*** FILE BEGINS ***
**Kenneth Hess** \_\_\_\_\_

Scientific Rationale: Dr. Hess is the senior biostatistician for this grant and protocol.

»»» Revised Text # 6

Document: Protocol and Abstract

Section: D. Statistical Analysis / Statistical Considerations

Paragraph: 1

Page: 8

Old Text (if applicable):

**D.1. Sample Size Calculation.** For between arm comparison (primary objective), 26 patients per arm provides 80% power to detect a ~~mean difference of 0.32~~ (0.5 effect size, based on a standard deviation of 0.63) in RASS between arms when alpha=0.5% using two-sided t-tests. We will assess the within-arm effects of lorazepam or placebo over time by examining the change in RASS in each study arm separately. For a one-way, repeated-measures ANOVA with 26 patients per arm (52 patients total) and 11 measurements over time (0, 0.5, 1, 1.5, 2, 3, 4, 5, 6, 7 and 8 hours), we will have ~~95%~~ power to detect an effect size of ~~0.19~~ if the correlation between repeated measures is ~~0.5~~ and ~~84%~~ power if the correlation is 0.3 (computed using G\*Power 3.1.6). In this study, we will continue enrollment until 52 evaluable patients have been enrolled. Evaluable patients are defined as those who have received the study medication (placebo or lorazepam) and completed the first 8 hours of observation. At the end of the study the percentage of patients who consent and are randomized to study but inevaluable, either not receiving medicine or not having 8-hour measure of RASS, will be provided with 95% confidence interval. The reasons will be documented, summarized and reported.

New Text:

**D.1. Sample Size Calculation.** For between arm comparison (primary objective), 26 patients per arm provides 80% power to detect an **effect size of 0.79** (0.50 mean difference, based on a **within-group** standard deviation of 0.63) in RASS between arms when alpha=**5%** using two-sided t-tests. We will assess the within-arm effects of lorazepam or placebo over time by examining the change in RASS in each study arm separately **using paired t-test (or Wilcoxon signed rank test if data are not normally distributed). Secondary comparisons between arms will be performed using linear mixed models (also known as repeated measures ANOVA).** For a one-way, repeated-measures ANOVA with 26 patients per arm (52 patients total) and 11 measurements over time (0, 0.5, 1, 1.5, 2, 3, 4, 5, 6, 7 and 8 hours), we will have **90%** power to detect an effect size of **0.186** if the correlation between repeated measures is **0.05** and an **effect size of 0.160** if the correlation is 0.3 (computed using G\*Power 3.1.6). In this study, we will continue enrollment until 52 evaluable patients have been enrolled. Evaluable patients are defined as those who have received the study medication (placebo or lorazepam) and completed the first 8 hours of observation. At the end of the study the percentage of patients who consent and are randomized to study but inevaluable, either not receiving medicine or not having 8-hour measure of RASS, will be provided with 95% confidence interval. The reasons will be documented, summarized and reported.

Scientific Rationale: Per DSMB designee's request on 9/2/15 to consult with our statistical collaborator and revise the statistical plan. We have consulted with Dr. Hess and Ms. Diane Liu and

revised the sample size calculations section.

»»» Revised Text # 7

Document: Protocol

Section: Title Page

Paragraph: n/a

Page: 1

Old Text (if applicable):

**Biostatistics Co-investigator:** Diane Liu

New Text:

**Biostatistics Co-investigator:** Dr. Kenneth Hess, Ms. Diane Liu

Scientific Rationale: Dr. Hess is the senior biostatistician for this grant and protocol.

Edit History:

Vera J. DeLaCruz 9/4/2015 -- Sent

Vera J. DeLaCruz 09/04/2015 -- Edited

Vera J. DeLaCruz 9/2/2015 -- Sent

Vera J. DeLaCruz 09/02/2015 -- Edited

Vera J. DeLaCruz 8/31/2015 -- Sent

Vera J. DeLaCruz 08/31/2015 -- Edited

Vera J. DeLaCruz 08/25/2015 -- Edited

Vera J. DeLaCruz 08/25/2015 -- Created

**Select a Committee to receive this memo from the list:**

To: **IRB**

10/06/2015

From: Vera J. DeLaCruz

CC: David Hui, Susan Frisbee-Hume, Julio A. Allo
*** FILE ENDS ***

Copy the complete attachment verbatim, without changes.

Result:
**Kenneth Hess** \_\_\_\_\_

Scientific Rationale: Dr. Hess is the senior biostatistician for this grant and protocol.

»»» Revised Text # 6

Document: Protocol and Abstract

Section: D. Statistical Analysis / Statistical Considerations

Paragraph: 1

Page: 8

Old Text (if applicable):

**D.1. Sample Size Calculation.** For between arm comparison (primary objective), 26 patients per arm provides 80% power to detect a ~~mean difference of 0.32~~ (0.5 effect size, based on a standard deviation of 0.63) in RASS between arms when alpha=0.5% using two-sided t-tests. We will assess the within-arm effects of lorazepam or placebo over time by examining the change in RASS in each study arm separately. For a one-way, repeated-measures ANOVA with 26 patients per arm (52 patients total) and 11 measurements over time (0, 0.5, 1, 1.5, 2, 3, 4, 5, 6, 7 and 8 hours), we will have ~~95%~~ power to detect an effect size of ~~0.19~~ if the correlation between repeated measures is ~~0.5~~ and ~~84%~~ power if the correlation is 0.3 (computed using G\*Power 3.1.6). In this study, we will continue enrollment until 52 evaluable patients have been enrolled. Evaluable patients are defined as those who have received the study medication (placebo or lorazepam) and completed the first 8 hours of observation. At the end of the study the percentage of patients who consent and are randomized to study but inevaluable, either not receiving medicine or not having 8-hour measure of RASS, will be provided with 95% confidence interval. The reasons will be documented, summarized and reported.

New Text:

**D.1. Sample Size Calculation.** For between arm comparison (primary objective), 26 patients per arm provides 80% power to detect an **effect size of 0.79** (0.50 mean difference, based on a **within-group** standard deviation of 0.63) in RASS between arms when alpha=**5%** using two-sided t-tests. We will assess the within-arm effects of lorazepam or placebo over time by examining the change in RASS in each study arm separately **using paired t-test (or Wilcoxon signed rank test if data are not normally distributed). Secondary comparisons between arms will be performed using linear mixed models (also known as repeated measures ANOVA).** For a one-way, repeated-measures ANOVA with 26 patients per arm (52 patients total) and 11 measurements over time (0, 0.5, 1, 1.5, 2, 3, 4, 5, 6, 7 and 8 hours), we will have **90%** power to detect an effect size of **0.186** if the correlation between repeated measures is **0.05** and an **effect size of 0.160** if the correlation is 0.3 (computed using G\*Power 3.1.6). In this study, we will continue enrollment until 52 evaluable patients have been enrolled. Evaluable patients are defined as those who have received the study medication (placebo or lorazepam) and completed the first 8 hours of observation. At the end of the study the percentage of patients who consent and are randomized to study but inevaluable, either not receiving medicine or not having 8-hour measure of RASS, will be provided with 95% confidence interval. The reasons will be documented, summarized and reported.

Scientific Rationale: Per DSMB designee's request on 9/2/15 to consult with our statistical collaborator and revise the statistical plan. We have consulted with Dr. Hess and Ms. Diane Liu and

revised the sample size calculations section.

»»» Revised Text # 7

Document: Protocol

Section: Title Page

Paragraph: n/a

Page: 1

Old Text (if applicable):

**Biostatistics Co-investigator:** Diane Liu

New Text:

**Biostatistics Co-investigator:** Dr. Kenneth Hess, Ms. Diane Liu

Scientific Rationale: Dr. Hess is the senior biostatistician for this grant and protocol.

Edit History:

Vera J. DeLaCruz 9/4/2015 -- Sent

Vera J. DeLaCruz 09/04/2015 -- Edited

Vera J. DeLaCruz 9/2/2015 -- Sent

Vera J. DeLaCruz 09/02/2015 -- Edited

Vera J. DeLaCruz 8/31/2015 -- Sent

Vera J. DeLaCruz 08/31/2015 -- Edited

Vera J. DeLaCruz 08/25/2015 -- Edited

Vera J. DeLaCruz 08/25/2015 -- Created

**Select a Committee to receive this memo from the list:**

To: **IRB**

10/06/2015

From: Vera J. DeLaCruz

CC: David Hui, Susan Frisbee-Hume, Julio A. Allo